Gold prices have rallied 45% in the last year. This is good news for Indian households, given that global demand for gold is among the highest in India.
However, gold jewellery isn’t really an investment, if that is what you are relying on. Firstly, there will always be a lot of reluctance to sell, secondly, the value you get on resale may not match what you paid for it thanks to making charges which get added at the time of the original sale.
If you really want to invest in gold, pure investment options like Gold ETFs (exchange-traded funds) and Gold Bonds are available. The question is, whether you should and how much?
Gold for safe and stable returns?
Intuitively we know that gold is a ‘safe’ asset. But what does this mean? Indians have been buying gold in some form or the other for decades and because it’s never really sold and you can get a loan against this asset, the faith in gold as a safe and stable asset is unrivalled.
In reality, however, returns from this asset haven’t been linear or upward-trending at all times. There have been long periods of flat to negative returns too. The most recent is the 7-year stretch just prior to the current rally, from mid-2012 to mid-2019. In this period, gold prices remained subdued and disappointed investors.
However, it’s not without reason that gold is considered a safe haven. Firstly, its limited supply keeps a floor on how much prices can fall and secondly, its price has historically risen in times of economic crisis.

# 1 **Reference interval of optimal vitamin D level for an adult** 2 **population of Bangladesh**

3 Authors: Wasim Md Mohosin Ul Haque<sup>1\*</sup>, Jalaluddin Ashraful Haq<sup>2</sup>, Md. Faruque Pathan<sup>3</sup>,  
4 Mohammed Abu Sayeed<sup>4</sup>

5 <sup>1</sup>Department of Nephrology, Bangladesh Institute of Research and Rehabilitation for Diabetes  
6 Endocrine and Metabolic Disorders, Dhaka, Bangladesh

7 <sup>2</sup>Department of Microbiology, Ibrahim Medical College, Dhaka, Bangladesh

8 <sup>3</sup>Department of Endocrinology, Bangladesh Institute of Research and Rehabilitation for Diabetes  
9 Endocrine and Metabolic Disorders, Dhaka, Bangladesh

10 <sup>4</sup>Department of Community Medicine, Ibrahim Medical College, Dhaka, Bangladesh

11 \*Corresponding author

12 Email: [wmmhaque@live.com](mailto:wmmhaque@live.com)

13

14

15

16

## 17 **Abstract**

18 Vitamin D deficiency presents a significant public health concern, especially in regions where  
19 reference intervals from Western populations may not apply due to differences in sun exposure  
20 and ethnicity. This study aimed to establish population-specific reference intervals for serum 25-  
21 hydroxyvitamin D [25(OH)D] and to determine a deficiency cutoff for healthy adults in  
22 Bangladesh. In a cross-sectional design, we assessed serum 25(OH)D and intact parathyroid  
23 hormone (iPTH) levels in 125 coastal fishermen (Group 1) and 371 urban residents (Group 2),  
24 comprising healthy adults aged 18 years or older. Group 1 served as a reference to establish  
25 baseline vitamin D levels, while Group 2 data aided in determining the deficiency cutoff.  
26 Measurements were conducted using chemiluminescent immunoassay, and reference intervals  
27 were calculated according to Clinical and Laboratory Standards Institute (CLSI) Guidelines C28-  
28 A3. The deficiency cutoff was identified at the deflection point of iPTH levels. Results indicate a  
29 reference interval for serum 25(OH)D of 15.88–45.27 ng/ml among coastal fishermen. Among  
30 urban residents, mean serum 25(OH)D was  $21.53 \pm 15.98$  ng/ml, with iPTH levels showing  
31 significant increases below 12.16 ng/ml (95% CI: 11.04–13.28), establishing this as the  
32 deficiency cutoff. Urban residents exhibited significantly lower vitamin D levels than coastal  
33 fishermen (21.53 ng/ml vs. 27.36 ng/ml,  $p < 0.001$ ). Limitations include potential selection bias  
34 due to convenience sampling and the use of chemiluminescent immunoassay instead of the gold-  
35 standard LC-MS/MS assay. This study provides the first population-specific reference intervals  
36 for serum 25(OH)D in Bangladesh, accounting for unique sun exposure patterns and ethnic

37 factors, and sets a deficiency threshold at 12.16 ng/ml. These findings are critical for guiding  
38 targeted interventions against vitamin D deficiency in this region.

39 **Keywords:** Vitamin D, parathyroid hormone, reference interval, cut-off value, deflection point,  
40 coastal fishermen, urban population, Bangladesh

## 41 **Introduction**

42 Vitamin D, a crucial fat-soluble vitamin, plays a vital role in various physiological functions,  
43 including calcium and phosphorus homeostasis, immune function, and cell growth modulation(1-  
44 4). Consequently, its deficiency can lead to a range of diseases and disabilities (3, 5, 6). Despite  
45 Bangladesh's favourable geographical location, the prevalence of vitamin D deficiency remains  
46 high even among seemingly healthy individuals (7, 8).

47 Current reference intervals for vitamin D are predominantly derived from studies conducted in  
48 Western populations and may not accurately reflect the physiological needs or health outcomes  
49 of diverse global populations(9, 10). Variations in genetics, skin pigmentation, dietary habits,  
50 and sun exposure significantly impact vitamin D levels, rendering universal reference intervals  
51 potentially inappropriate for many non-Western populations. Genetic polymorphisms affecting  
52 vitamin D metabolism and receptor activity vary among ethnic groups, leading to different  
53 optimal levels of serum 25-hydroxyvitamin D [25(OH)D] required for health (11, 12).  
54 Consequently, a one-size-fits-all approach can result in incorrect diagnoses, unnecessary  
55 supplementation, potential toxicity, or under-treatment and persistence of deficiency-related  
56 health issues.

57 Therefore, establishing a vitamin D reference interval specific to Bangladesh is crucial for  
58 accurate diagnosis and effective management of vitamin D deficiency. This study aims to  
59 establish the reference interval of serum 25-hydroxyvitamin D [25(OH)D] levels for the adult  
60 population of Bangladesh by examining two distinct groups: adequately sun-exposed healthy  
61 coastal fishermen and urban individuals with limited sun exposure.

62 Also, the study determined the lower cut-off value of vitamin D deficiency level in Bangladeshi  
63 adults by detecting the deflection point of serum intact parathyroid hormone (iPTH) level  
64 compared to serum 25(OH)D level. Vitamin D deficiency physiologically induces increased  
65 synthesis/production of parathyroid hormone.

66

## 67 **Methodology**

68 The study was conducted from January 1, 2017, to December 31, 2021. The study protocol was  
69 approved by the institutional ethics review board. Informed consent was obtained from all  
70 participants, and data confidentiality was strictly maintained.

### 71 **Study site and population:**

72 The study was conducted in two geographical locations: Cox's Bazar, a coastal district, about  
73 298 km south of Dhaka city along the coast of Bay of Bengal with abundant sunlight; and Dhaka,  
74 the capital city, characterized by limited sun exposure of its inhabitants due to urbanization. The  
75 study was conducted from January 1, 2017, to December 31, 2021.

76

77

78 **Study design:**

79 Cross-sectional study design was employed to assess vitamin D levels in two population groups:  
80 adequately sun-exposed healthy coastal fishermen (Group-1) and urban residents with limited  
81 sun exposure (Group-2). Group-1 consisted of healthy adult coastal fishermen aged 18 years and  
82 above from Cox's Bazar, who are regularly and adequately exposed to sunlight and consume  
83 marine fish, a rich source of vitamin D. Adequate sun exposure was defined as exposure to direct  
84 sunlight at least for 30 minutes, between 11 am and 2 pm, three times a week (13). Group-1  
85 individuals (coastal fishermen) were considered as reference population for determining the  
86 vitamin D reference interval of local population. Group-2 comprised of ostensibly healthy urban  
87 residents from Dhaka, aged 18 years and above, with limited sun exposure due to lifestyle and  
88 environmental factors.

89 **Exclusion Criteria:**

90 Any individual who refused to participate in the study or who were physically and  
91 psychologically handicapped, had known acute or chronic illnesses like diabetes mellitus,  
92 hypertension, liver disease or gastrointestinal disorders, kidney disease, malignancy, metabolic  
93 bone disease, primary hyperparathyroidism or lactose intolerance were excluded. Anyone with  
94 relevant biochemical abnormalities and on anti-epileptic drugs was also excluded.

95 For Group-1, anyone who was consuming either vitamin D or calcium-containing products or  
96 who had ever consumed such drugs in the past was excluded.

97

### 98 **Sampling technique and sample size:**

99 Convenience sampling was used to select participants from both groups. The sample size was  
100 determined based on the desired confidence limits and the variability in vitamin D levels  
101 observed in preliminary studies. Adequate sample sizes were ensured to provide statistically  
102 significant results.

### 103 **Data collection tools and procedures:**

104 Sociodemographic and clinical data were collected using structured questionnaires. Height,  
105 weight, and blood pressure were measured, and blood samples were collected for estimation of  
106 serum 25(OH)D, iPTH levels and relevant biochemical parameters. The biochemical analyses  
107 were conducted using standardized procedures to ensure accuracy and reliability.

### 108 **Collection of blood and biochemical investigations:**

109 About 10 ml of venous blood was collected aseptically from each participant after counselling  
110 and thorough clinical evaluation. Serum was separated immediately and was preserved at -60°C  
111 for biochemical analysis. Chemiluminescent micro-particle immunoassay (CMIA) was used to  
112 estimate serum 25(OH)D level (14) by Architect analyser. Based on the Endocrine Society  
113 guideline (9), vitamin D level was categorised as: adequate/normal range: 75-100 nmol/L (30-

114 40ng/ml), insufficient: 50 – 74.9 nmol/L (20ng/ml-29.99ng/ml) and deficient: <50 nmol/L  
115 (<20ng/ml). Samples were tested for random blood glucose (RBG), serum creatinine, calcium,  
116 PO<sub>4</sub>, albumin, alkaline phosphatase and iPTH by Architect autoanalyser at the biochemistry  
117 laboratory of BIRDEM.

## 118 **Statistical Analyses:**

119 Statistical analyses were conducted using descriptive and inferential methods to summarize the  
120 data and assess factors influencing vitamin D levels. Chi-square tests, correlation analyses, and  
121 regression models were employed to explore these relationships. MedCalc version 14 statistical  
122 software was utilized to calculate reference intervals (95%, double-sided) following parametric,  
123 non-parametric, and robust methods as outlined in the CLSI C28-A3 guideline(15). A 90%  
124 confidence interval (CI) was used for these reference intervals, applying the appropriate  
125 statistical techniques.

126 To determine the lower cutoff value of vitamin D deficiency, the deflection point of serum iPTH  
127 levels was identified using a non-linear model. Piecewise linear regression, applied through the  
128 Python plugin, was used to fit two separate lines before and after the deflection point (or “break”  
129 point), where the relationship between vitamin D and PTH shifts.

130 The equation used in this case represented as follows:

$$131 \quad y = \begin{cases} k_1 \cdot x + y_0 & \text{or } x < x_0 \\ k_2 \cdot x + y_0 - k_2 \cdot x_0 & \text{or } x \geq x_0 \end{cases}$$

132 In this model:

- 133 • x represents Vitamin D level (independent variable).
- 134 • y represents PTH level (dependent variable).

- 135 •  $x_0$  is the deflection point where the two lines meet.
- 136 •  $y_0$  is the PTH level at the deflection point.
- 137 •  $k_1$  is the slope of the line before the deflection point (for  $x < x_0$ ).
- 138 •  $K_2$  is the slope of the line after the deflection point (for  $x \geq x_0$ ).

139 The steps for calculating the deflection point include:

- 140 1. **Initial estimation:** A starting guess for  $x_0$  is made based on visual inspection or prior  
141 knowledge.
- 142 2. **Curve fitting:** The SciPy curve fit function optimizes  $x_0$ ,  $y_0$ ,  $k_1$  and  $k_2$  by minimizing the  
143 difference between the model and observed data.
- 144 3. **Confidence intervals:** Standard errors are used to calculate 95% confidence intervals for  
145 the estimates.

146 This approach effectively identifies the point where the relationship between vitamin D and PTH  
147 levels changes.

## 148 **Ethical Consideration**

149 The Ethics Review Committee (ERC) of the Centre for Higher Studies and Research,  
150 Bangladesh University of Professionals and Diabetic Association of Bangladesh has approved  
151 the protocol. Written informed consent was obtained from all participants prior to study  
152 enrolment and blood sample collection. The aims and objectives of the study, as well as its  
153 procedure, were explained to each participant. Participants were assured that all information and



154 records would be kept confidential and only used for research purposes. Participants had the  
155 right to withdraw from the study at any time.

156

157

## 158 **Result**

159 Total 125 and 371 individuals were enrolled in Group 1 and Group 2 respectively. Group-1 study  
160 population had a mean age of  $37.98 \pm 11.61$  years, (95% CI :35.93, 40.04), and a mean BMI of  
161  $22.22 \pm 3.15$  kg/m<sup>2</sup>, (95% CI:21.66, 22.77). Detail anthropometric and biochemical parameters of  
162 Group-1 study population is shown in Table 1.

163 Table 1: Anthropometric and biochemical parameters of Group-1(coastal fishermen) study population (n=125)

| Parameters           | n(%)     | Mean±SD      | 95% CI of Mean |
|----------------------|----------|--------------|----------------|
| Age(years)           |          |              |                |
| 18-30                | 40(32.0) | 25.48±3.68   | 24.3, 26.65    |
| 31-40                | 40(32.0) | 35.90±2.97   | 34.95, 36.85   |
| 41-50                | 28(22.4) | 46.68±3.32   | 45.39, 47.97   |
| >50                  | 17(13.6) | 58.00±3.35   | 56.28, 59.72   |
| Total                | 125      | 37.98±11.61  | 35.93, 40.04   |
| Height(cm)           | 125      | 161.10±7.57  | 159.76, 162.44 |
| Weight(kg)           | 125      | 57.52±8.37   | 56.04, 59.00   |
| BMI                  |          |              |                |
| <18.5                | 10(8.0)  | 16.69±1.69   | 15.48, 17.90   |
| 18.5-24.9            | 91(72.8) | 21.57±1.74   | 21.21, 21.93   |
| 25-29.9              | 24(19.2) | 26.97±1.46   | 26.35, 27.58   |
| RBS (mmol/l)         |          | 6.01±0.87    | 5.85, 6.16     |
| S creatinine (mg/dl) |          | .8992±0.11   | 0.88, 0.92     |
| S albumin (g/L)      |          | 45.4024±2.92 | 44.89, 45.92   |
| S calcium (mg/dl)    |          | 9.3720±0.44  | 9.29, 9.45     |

Gold is one of the rare assets which is sold and stored in near pure physical form and with a limited supply, the downside in value is limited. When compared with paper value of money, which can get diluted thanks to more printing of currency not backed by the actual production of goods and services, gold shows up as a better store of value and safeguard against currency inflation.
There are two factors to consider; firstly, other than price rise there is no source of return like interest or dividend that you get from holding gold assets and secondly, its value is not predictable in short periods of time.
This is the reason it’s thought of as stable in the long run. Its long-term return profile is one which has historically beaten annual currency inflation in an economy. Again, this does not happen every year, rather you have to hold on to gold for a decade or two, to see this kind of inflation plus return trend.
How much should you allocate?
There are two factors to consider; firstly, other than price rise there is no source of return like interest or dividend that you get from holding gold assets and secondly, its value is not predictable in short periods of time. This makes it an unreliable choice for short term parking of money with the purpose of safe or stable returns. If you want safety in short term returns, then the flexibility and low risk of liquid funds is better than gold ETFs.
Gold thus, can form a part of your long-term allocation and that too given the lack of fundamental drivers – other than supply – you can limit allocation to 10%-15% of your portfolio. This will be the cushion you need from long term inflation and it will help your portfolio returns in times of crisis.
Don’t substitute gold for low-risk assets or even for long term growth assets like equity. It is strictly, a long term inflation hedge and should play only that role in your long term asset allocation.